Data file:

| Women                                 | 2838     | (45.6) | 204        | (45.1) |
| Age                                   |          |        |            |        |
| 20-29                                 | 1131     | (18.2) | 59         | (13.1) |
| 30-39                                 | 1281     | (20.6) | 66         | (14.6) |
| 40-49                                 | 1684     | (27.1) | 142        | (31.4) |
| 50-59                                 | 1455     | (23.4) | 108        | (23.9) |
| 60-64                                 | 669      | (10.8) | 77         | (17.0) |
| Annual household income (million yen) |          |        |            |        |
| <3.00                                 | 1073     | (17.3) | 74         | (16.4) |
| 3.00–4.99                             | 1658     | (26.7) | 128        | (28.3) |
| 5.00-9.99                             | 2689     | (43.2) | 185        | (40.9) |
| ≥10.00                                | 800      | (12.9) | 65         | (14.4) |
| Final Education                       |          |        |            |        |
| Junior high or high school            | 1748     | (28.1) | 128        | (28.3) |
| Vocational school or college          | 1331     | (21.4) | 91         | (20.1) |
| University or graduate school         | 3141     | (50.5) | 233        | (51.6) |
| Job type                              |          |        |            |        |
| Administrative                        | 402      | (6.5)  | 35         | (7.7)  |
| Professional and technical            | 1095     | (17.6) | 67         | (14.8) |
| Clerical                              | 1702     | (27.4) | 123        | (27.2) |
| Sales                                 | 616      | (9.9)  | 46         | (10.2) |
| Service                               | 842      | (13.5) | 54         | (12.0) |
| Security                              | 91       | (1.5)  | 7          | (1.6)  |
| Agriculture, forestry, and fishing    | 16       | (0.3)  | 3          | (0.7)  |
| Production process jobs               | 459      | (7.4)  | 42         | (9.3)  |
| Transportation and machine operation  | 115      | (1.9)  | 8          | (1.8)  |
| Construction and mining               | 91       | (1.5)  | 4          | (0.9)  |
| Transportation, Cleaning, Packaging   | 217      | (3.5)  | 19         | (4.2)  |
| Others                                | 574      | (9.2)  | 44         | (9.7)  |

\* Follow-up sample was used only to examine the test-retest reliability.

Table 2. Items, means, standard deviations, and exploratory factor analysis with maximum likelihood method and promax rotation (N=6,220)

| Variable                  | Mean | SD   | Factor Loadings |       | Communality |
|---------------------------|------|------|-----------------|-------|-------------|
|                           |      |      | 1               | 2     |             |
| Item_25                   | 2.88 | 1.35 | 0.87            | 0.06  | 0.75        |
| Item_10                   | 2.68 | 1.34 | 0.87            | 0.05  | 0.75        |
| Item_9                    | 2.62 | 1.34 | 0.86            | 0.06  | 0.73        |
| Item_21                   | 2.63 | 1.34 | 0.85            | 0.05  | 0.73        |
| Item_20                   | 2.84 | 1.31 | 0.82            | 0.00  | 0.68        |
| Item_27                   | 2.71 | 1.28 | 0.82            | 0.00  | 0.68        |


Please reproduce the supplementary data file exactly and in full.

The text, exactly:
| Women                                 | 2838     | (45.6) | 204        | (45.1) |
| Age                                   |          |        |            |        |
| 20-29                                 | 1131     | (18.2) | 59         | (13.1) |
| 30-39                                 | 1281     | (20.6) | 66         | (14.6) |
| 40-49                                 | 1684     | (27.1) | 142        | (31.4) |
| 50-59                                 | 1455     | (23.4) | 108        | (23.9) |
| 60-64                                 | 669      | (10.8) | 77         | (17.0) |
| Annual household income (million yen) |          |        |            |        |
| <3.00                                 | 1073     | (17.3) | 74         | (16.4) |
| 3.00–4.99                             | 1658     | (26.7) | 128        | (28.3) |
| 5.00-9.99                             | 2689     | (43.2) | 185        | (40.9) |
| ≥10.00                                | 800      | (12.9) | 65         | (14.4) |
| Final Education                       |          |        |            |        |
| Junior high or high school            | 1748     | (28.1) | 128        | (28.3) |
| Vocational school or college          | 1331     | (21.4) | 91         | (20.1) |
| University or graduate school         | 3141     | (50.5) | 233        | (51.6) |
| Job type                              |          |        |            |        |
| Administrative                        | 402      | (6.5)  | 35         | (7.7)  |
| Professional and technical            | 1095     | (17.6) | 67         | (14.8) |
| Clerical                              | 1702     | (27.4) | 123        | (27.2) |
| Sales                                 | 616      | (9.9)  | 46         | (10.2) |
| Service                               | 842      | (13.5) | 54         | (12.0) |
| Security                              | 91       | (1.5)  | 7          | (1.6)  |
| Agriculture, forestry, and fishing    | 16       | (0.3)  | 3          | (0.7)  |
| Production process jobs               | 459      | (7.4)  | 42         | (9.3)  |
| Transportation and machine operation  | 115      | (1.9)  | 8          | (1.8)  |
| Construction and mining               | 91       | (1.5)  | 4          | (0.9)  |
| Transportation, Cleaning, Packaging   | 217      | (3.5)  | 19         | (4.2)  |
| Others                                | 574      | (9.2)  | 44         | (9.7)  |

\* Follow-up sample was used only to examine the test-retest reliability.

Table 2. Items, means, standard deviations, and exploratory factor analysis with maximum likelihood method and promax rotation (N=6,220)

| Variable                  | Mean | SD   | Factor Loadings |       | Communality |
|---------------------------|------|------|-----------------|-------|-------------|
|                           |      |      | 1               | 2     |             |
| Item_25                   | 2.88 | 1.35 | 0.87            | 0.06  | 0.75        |
| Item_10                   | 2.68 | 1.34 | 0.87            | 0.05  | 0.75        |
| Item_9                    | 2.62 | 1.34 | 0.86            | 0.06  | 0.73        |
| Item_21                   | 2.63 | 1.34 | 0.85            | 0.05  | 0.73        |
| Item_20                   | 2.84 | 1.31 | 0.82            | 0.00  | 0.68        |
| Item_27                   | 2.71 | 1.28 | 0.82            | 0.00  | 0.68        |